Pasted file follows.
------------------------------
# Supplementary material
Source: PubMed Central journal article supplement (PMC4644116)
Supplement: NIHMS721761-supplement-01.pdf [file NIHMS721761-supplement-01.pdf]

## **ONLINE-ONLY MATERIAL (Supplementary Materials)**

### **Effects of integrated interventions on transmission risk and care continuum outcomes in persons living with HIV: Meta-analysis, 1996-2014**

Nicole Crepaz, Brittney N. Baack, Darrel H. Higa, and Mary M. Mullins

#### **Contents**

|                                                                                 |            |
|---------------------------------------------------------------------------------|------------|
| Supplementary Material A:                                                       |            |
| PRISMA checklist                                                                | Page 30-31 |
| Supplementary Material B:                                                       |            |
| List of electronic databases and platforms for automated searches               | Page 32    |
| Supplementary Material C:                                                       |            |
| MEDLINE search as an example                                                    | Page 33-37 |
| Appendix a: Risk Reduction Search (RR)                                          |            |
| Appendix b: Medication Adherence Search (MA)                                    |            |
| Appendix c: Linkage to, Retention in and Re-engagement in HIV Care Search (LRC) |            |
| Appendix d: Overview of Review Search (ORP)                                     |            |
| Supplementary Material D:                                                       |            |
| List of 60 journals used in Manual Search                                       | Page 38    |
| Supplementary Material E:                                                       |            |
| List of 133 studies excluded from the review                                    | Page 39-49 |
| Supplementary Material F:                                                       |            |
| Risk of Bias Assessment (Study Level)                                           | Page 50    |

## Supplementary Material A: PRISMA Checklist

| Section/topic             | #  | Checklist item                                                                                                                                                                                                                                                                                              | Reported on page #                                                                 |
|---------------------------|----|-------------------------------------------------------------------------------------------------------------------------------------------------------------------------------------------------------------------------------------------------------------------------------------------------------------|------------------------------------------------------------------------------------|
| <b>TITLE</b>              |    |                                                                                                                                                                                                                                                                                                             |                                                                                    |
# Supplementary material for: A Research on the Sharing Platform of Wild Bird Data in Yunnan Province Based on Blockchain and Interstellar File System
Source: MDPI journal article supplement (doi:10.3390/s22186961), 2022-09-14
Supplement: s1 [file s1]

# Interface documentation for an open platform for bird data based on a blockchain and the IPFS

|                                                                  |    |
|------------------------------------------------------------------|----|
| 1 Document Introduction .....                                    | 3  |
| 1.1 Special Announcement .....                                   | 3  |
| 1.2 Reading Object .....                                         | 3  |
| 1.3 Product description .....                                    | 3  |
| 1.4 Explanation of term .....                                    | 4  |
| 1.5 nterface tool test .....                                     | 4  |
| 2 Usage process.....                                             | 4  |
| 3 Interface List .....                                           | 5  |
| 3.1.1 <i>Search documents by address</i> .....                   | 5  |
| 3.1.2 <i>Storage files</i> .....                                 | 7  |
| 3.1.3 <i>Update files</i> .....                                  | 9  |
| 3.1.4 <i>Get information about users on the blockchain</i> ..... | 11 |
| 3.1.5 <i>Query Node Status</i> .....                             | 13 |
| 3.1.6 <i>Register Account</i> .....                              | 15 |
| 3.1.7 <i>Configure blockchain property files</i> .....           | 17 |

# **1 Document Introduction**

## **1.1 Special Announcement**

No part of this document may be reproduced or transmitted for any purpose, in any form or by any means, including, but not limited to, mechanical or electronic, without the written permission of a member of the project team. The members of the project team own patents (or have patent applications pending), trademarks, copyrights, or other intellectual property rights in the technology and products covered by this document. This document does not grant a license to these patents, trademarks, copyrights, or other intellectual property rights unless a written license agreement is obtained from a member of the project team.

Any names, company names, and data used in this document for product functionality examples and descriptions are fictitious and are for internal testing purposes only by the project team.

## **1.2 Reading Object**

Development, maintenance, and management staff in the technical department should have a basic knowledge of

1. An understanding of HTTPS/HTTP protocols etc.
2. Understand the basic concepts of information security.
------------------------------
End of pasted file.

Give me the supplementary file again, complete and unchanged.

# Supplementary material
Source: PubMed Central journal article supplement (PMC4644116)
Supplement: NIHMS721761-supplement-01.pdf [file NIHMS721761-supplement-01.pdf]

## **ONLINE-ONLY MATERIAL (Supplementary Materials)**

### **Effects of integrated interventions on transmission risk and care continuum outcomes in persons living with HIV: Meta-analysis, 1996-2014**

Nicole Crepaz, Brittney N. Baack, Darrel H. Higa, and Mary M. Mullins

#### **Contents**

|                                                                                 |            |
|---------------------------------------------------------------------------------|------------|
| Supplementary Material A:                                                       |            |
| PRISMA checklist                                                                | Page 30-31 |
| Supplementary Material B:                                                       |            |
| List of electronic databases and platforms for automated searches               | Page 32    |
| Supplementary Material C:                                                       |            |
| MEDLINE search as an example                                                    | Page 33-37 |
| Appendix a: Risk Reduction Search (RR)                                          |            |
| Appendix b: Medication Adherence Search (MA)                                    |            |
| Appendix c: Linkage to, Retention in and Re-engagement in HIV Care Search (LRC) |            |
| Appendix d: Overview of Review Search (ORP)                                     |            |
| Supplementary Material D:                                                       |            |
| List of 60 journals used in Manual Search                                       | Page 38    |
| Supplementary Material E:                                                       |            |
| List of 133 studies excluded from the review                                    | Page 39-49 |
| Supplementary Material F:                                                       |            |
| Risk of Bias Assessment (Study Level)                                           | Page 50    |

## Supplementary Material A: PRISMA Checklist

| Section/topic             | #  | Checklist item                                                                                                                                                                                                                                                                                              | Reported on page #                                                                 |
|---------------------------|----|-------------------------------------------------------------------------------------------------------------------------------------------------------------------------------------------------------------------------------------------------------------------------------------------------------------|------------------------------------------------------------------------------------|
| <b>TITLE</b>              |    |                                                                                                                                                                                                                                                                                                             |                                                                                    |
# Supplementary material for: A Research on the Sharing Platform of Wild Bird Data in Yunnan Province Based on Blockchain and Interstellar File System
Source: MDPI journal article supplement (doi:10.3390/s22186961), 2022-09-14
Supplement: s1 [file s1]

# Interface documentation for an open platform for bird data based on a blockchain and the IPFS

|                                                                  |    |
|------------------------------------------------------------------|----|
| 1 Document Introduction .....                                    | 3  |
| 1.1 Special Announcement .....                                   | 3  |
| 1.2 Reading Object .....                                         | 3  |
| 1.3 Product description .....                                    | 3  |
| 1.4 Explanation of term .....                                    | 4  |
| 1.5 nterface tool test .....                                     | 4  |
| 2 Usage process.....                                             | 4  |
| 3 Interface List .....                                           | 5  |
| 3.1.1 <i>Search documents by address</i> .....                   | 5  |
| 3.1.2 <i>Storage files</i> .....                                 | 7  |
| 3.1.3 <i>Update files</i> .....                                  | 9  |
| 3.1.4 <i>Get information about users on the blockchain</i> ..... | 11 |
| 3.1.5 <i>Query Node Status</i> .....                             | 13 |
| 3.1.6 <i>Register Account</i> .....                              | 15 |
| 3.1.7 <i>Configure blockchain property files</i> .....           | 17 |

# **1 Document Introduction**

## **1.1 Special Announcement**

No part of this document may be reproduced or transmitted for any purpose, in any form or by any means, including, but not limited to, mechanical or electronic, without the written permission of a member of the project team. The members of the project team own patents (or have patent applications pending), trademarks, copyrights, or other intellectual property rights in the technology and products covered by this document. This document does not grant a license to these patents, trademarks, copyrights, or other intellectual property rights unless a written license agreement is obtained from a member of the project team.

Any names, company names, and data used in this document for product functionality examples and descriptions are fictitious and are for internal testing purposes only by the project team.

## **1.2 Reading Object**

Development, maintenance, and management staff in the technical department should have a basic knowledge of

1. An understanding of HTTPS/HTTP protocols etc.
2. Understand the basic concepts of information security.